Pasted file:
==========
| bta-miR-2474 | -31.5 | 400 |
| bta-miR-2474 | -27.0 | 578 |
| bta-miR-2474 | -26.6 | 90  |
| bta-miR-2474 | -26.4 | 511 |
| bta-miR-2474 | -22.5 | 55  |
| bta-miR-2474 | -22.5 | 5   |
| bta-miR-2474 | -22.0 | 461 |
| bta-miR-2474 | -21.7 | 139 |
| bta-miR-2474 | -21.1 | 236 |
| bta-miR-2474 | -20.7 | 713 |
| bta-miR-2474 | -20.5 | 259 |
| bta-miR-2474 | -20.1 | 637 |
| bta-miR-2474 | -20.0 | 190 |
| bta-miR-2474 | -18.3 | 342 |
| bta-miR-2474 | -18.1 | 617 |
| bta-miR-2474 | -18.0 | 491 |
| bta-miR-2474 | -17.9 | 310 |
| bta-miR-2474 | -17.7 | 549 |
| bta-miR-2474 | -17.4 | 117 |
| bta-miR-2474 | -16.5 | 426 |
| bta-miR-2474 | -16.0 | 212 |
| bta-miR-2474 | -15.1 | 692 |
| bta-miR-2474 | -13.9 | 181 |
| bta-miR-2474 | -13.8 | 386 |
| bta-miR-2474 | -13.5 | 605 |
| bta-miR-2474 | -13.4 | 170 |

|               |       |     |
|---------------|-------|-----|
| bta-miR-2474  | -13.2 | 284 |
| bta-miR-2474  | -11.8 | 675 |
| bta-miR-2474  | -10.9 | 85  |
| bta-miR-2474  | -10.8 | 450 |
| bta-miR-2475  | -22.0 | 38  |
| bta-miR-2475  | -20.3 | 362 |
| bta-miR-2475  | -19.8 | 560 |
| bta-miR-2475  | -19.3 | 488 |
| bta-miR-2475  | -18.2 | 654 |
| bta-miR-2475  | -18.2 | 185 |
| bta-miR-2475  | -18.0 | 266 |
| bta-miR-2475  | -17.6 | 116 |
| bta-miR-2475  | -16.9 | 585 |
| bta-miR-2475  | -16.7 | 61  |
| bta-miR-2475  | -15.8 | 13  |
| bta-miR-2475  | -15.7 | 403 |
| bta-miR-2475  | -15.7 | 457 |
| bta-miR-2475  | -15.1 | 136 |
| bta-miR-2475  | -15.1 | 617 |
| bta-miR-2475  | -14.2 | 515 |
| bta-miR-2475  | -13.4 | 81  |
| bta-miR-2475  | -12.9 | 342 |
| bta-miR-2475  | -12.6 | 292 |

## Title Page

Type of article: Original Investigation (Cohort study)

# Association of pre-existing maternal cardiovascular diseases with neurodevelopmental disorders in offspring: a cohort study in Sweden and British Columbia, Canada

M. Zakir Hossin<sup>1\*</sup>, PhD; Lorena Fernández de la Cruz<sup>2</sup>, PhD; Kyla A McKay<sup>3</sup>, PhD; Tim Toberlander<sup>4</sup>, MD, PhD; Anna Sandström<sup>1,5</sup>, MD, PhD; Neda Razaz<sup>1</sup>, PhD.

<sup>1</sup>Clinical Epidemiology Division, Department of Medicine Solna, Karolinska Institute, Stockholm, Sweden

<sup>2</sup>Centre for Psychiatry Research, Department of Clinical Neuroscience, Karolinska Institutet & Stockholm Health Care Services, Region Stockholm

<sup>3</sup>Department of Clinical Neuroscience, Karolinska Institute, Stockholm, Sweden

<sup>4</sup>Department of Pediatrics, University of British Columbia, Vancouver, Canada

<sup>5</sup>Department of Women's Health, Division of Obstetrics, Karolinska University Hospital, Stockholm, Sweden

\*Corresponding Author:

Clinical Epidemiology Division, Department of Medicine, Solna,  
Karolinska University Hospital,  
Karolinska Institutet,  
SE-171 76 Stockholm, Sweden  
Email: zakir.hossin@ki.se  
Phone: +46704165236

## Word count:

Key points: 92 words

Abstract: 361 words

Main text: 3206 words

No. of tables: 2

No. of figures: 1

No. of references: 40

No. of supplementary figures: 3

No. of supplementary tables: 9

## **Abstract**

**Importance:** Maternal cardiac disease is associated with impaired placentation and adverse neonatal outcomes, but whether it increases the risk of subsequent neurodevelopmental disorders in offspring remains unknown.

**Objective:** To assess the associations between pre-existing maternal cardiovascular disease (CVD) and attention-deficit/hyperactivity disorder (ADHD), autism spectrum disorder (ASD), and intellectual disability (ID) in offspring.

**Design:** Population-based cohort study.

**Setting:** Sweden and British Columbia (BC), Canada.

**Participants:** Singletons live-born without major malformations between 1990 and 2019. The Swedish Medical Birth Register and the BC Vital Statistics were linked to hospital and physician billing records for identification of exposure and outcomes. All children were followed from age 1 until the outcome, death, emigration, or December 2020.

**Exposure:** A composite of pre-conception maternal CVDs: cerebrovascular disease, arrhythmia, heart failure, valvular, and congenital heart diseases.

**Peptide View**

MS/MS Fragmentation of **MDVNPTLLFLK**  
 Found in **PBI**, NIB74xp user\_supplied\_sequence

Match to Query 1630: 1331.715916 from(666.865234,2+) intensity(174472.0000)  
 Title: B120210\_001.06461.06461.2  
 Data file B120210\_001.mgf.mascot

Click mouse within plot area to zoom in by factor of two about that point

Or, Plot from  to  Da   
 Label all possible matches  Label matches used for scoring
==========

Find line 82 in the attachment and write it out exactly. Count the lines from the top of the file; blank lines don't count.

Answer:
**Participants:** Singletons live-born without major malformations between 1990 and 2019. The Swedish Medical Birth Register and the BC Vital Statistics were linked to hospital and physician billing records for identification of exposure and outcomes. All children were followed from age 1 until the outcome, death, emigration, or December 2020.